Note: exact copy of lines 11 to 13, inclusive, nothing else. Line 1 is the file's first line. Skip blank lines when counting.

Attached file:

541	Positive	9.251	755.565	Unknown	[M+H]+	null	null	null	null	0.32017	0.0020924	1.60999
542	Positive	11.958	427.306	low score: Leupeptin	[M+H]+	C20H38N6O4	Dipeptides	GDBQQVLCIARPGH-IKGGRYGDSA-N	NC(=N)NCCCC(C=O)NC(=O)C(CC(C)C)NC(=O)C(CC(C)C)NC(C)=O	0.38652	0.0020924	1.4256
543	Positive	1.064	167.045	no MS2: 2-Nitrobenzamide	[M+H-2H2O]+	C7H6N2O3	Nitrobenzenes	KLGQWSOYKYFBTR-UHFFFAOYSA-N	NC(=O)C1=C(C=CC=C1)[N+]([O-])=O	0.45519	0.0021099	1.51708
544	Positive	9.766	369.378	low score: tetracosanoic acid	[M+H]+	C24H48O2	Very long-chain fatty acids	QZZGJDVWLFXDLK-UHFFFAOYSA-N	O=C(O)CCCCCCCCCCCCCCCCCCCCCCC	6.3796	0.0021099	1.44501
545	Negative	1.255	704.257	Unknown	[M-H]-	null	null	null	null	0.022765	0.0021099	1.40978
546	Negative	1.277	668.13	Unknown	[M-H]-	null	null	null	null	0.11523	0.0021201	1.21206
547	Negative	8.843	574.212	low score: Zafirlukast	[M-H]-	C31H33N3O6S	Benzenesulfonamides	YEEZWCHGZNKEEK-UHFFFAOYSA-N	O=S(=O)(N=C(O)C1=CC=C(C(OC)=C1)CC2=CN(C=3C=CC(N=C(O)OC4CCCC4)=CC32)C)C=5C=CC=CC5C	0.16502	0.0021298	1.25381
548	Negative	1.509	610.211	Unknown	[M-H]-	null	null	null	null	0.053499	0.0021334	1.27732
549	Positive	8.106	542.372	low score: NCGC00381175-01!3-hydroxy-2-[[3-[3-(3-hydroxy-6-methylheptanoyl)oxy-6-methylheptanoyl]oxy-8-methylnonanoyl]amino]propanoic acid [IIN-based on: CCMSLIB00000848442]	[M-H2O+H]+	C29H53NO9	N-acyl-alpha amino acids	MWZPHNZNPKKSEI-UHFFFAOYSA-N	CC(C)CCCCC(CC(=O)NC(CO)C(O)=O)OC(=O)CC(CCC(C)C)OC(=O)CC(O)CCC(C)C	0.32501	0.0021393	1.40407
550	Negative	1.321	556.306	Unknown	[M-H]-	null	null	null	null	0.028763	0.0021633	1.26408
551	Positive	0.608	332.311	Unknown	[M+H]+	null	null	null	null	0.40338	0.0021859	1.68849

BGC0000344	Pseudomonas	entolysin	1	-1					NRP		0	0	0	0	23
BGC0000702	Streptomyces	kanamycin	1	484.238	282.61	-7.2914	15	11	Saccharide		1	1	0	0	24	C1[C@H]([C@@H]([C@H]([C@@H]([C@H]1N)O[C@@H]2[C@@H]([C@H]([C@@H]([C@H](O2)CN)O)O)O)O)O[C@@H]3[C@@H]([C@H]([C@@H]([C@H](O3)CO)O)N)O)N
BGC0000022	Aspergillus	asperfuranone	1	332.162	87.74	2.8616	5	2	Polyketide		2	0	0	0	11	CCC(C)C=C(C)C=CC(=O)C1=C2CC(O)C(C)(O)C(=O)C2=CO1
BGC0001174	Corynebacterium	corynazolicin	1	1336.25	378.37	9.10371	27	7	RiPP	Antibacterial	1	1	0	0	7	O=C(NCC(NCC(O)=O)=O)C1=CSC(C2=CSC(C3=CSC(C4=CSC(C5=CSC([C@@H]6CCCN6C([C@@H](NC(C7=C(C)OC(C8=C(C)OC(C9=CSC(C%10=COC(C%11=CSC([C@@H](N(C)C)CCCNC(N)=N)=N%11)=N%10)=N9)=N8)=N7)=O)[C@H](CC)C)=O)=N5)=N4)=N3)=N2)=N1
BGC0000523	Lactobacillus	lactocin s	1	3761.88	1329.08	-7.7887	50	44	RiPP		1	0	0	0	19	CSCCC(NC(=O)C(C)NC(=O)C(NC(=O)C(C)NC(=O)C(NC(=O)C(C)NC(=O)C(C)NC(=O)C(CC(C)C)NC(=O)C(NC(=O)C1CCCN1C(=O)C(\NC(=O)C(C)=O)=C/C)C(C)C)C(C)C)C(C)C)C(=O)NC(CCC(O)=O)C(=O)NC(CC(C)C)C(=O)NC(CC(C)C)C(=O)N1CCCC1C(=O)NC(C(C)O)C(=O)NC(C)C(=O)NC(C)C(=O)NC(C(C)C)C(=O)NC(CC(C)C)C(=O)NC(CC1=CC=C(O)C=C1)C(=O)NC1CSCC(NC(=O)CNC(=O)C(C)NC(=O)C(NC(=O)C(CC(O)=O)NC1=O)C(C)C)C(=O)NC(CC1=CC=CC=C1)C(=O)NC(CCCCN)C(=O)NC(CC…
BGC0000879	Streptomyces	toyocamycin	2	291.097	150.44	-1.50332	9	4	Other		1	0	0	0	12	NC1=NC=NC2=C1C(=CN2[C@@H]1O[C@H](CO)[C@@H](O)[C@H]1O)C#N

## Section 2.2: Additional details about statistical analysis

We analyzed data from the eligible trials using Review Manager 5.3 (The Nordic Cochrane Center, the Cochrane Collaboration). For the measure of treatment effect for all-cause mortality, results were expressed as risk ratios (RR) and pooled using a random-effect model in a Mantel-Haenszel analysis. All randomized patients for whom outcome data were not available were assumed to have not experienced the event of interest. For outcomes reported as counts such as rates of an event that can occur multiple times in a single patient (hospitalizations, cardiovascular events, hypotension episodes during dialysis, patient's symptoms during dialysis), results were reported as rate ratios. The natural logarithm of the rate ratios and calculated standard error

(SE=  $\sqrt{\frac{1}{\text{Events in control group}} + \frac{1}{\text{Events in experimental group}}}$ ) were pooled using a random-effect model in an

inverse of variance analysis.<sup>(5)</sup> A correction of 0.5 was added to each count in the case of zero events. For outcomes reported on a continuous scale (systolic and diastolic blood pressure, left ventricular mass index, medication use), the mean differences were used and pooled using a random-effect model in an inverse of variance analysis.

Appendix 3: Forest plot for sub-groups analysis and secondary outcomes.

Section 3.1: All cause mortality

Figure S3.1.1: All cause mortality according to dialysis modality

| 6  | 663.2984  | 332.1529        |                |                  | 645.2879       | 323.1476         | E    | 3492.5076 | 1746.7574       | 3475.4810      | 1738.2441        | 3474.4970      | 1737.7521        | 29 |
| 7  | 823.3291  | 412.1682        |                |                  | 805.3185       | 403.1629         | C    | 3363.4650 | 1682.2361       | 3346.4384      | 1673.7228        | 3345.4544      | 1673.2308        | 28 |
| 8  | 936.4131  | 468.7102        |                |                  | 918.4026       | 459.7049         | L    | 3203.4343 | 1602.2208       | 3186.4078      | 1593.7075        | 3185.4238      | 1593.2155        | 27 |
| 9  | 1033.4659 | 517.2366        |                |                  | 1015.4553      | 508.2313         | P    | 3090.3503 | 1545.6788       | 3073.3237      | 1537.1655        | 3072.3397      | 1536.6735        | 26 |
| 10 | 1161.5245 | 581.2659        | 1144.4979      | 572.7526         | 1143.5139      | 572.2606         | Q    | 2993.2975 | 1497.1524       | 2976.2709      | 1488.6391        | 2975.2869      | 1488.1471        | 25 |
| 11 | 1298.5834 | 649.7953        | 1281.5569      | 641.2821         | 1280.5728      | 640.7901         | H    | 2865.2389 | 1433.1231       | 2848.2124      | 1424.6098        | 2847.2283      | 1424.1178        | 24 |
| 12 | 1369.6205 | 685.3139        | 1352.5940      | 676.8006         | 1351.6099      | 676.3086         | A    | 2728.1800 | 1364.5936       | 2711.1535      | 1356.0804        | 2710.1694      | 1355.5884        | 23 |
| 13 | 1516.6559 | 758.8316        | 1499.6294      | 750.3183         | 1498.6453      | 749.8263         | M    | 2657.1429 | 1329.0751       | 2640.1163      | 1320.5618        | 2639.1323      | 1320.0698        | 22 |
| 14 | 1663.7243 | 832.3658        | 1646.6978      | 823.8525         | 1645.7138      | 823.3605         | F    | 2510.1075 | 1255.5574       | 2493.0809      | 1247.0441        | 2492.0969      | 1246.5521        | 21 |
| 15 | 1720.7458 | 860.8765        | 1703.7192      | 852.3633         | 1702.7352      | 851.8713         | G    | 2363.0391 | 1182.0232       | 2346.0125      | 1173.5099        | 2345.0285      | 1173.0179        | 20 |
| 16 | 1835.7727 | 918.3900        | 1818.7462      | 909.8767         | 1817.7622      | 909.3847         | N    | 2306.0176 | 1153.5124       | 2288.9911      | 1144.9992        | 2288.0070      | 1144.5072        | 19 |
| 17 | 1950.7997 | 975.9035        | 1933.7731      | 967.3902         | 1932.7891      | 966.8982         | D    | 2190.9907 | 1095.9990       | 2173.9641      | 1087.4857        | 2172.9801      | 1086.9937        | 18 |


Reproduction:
551	Positive	0.608	332.311	Unknown	[M+H]+	null	null	null	null	0.40338	0.0021859	1.68849

BGC0000344	Pseudomonas	entolysin	1	-1					NRP		0	0	0	0	23
BGC0000702	Streptomyces	kanamycin	1	484.238	282.61	-7.2914	15	11	Saccharide		1	1	0	0	24	C1[C@H]([C@@H]([C@H]([C@@H]([C@H]1N)O[C@@H]2[C@@H]([C@H]([C@@H]([C@H](O2)CN)O)O)O)O)O[C@@H]3[C@@H]([C@H]([C@@H]([C@H](O3)CO)O)N)O)N